Wow, how time flies! Once again it is time to start planning for the 50th annual Christmas Bird Count, which will be held on Sunday, Jan. 3, 2010.
This birding extravaganza started in 1960, and has been conducted every year since then. And every year it seems to get bigger and better, as more and more people participate. Of course we count all the individuals of every species we can find, but we also count the number of people participating and the hours they spend in the field — these are both important measures of the effort expended.
Effort on the Christmas Bird Counts has grown tremendously! The first counts in the early 1960s included two field teams and five or fewer participants. Two years ago, in the 2007 count, we sent 67 people, divided into 13 field teams, out for the day to count birds in their assigned part of the Vineyard. We had an additional 35 people counting the birds at the feeders in their yards. Yes, that is an amazing total of 102 people watching and counting birds! Last year, in ideal weather, we slid back a little and had only 93 people counting birds.
We also keep track of the species we find. An amazing total of 210 species have been found on the 49 counts to date. We do not find anywhere near that number of species on any one count, however, with our single count high being 130 species in both 2003 and 2007. Not surprisingly, those two record counts are two of the three times we have had more than 60 observers in the field (61 field observers produced 127 species).
And of course, we are counting every bird we can find. We observed an amazing total of 134,963 birds on the 2002 count, by far the all-time high. More typically, we can expect to see 40,000 to 90,000 birds; the tremendous variability in numbers observed is due to the abundance of seaducks — principally eiders and scoters — visible within half a mile of the Vineyard’s shoreline.
The Christmas Bird Count has become a tradition for many of us. Despite the numbers recited here in this short history of the count, it is an exciting and fun day to go birding and socialize with others with similar interests. And it is a great opportunity to learn about our early winter resident birds.
Imagine the numbers of birds we can find if you join this tradition, either in the field or as a feeder watcher. Please join the fun on the first Sunday of the New Year by contacting me — I am the compiler — at either 508-693-4908 or firstname.lastname@example.org.
And now for the bird sightings. Has there been a lull in the southward migration of birds? Or maybe there has been a lull in our record-keeping. Either way, there are relatively few reports to write about.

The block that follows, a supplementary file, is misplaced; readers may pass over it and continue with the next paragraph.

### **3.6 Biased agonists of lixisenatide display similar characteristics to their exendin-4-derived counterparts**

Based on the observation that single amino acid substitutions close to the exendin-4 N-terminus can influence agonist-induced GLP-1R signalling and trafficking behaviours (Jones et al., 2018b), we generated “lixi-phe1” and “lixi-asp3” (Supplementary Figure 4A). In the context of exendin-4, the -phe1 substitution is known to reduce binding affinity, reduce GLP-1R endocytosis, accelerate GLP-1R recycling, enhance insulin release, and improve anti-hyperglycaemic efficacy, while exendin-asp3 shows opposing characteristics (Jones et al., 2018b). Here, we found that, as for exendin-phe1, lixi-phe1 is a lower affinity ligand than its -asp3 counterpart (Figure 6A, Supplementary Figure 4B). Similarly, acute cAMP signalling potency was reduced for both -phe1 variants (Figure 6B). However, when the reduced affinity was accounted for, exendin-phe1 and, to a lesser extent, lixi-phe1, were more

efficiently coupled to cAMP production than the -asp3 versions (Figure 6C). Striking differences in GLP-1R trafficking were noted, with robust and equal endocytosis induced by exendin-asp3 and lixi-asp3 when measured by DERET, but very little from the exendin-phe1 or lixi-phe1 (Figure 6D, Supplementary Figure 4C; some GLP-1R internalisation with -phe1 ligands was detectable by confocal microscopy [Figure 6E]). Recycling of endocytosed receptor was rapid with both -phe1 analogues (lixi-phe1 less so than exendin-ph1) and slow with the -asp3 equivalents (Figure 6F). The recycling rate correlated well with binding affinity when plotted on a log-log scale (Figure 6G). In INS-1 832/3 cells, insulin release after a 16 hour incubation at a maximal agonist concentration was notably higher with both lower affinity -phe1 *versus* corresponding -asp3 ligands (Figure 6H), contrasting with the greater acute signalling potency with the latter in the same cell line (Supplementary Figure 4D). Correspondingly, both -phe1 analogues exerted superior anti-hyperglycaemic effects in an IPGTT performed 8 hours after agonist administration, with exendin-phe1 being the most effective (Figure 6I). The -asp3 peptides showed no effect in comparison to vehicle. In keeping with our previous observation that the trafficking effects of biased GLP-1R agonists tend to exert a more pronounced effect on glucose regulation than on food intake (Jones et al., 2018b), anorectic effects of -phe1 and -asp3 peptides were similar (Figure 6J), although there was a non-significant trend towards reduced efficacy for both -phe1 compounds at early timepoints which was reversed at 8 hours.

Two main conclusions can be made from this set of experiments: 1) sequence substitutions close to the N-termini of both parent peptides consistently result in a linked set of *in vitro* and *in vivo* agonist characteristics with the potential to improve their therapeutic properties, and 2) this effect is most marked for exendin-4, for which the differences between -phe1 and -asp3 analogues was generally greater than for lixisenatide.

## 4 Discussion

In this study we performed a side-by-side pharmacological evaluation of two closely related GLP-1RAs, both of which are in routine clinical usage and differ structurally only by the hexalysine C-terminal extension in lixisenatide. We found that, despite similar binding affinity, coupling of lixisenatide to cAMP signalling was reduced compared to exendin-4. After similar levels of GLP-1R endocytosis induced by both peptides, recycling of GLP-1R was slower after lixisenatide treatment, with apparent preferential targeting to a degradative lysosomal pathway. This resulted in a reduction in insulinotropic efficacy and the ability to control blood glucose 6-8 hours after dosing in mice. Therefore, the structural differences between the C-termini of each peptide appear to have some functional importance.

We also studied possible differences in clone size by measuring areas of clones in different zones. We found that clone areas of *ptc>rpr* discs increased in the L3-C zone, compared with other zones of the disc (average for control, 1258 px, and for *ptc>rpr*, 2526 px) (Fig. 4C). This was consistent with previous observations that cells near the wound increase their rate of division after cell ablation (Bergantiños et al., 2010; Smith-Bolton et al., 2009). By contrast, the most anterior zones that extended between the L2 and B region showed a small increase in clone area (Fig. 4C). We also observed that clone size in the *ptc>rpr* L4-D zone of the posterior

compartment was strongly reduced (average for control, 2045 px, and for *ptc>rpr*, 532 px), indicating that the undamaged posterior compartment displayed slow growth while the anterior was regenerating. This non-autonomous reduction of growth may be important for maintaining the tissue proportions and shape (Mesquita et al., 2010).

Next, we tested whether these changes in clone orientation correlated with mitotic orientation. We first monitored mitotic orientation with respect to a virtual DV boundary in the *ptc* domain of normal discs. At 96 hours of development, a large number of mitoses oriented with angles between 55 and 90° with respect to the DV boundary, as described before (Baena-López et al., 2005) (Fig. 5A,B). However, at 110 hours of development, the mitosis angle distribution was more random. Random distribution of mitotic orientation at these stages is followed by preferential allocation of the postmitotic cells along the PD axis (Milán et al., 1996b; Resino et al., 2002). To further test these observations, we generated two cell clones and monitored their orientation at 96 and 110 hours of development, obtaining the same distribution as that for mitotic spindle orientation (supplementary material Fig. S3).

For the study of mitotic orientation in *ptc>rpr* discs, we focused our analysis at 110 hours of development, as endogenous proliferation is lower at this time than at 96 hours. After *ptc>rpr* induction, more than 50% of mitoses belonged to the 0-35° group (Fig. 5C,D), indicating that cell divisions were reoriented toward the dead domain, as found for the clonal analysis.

Dale Carter called to report an incident with a less than obliging mute swan on the road near the Chappaquiddick Beach Club on Nov. 2. Traffic was stopped in both directions, as the swan could not be coaxed out of the road for five to ten minutes. Ms. Carter also reported that the swan had a pinkish bill, so it was probably a first year bird. We can only wonder if it was a juvenile tundra swan rather than a mute swan.
On Nov. 3, Simon Athearn was out at Katama at dusk and observed a short-eared owl hunting in a salt marsh. This species has become very scarce; it used to be a common year-round resident, but now is only an occasional winter visitor.
On Nov. 5, Happy Spongberg flushed a great blue heron out of the trees along Tea Lane in Chilmark. She commented on the loud startling noises made by the heron as it flew away. She also reports finding lots of golden-crowned kinglets and her first white-throated sparrows of the winter at the north end of Tea Lane.
On Nov. 7, both Pete Gilmour and Bob Shriber visited the Gay Head Cliffs. They found their first snow buntings of the season as well as a palm warbler, an adult peregrine falcon and four sharp-shinned hawks.
Cedar waxwings attracted Sally Scott Cook’s attention as they were gorging themselves on pokeberries at her house in Chilmark. There were also robins, chickadees and cardinals.
Jules Ben David had the first dark-eyed juncos of the season at his feeder on Nov. 10. He also noted that his tufted titmice were back at his feeder after having been away since the spring. Finally, he was at East Chop that afternoon and found three brant in with a flock of Canada geese. These small geese always come back at this time of the year, and will soon become easy to observe in their usual haunts at Ocean Park or the town beach across the road in Oak Bluffs.
Perhaps we can attribute the lack of sightings to the spectacular Indian summer weather we had over the weekend. While many of us were out enjoying the weather, I guess we did not have our binoculars along with us. While the peak migration of landbirds is over, the seabirds and our wintering waterfowl are going in full force. So please get out and look at them. And then report your sightings to the hotline at 508-627-4922 or by e-mail to email@example.com.
Robert Culbert leads guided birding tours and is an ecological consultant living in Vineyard Haven.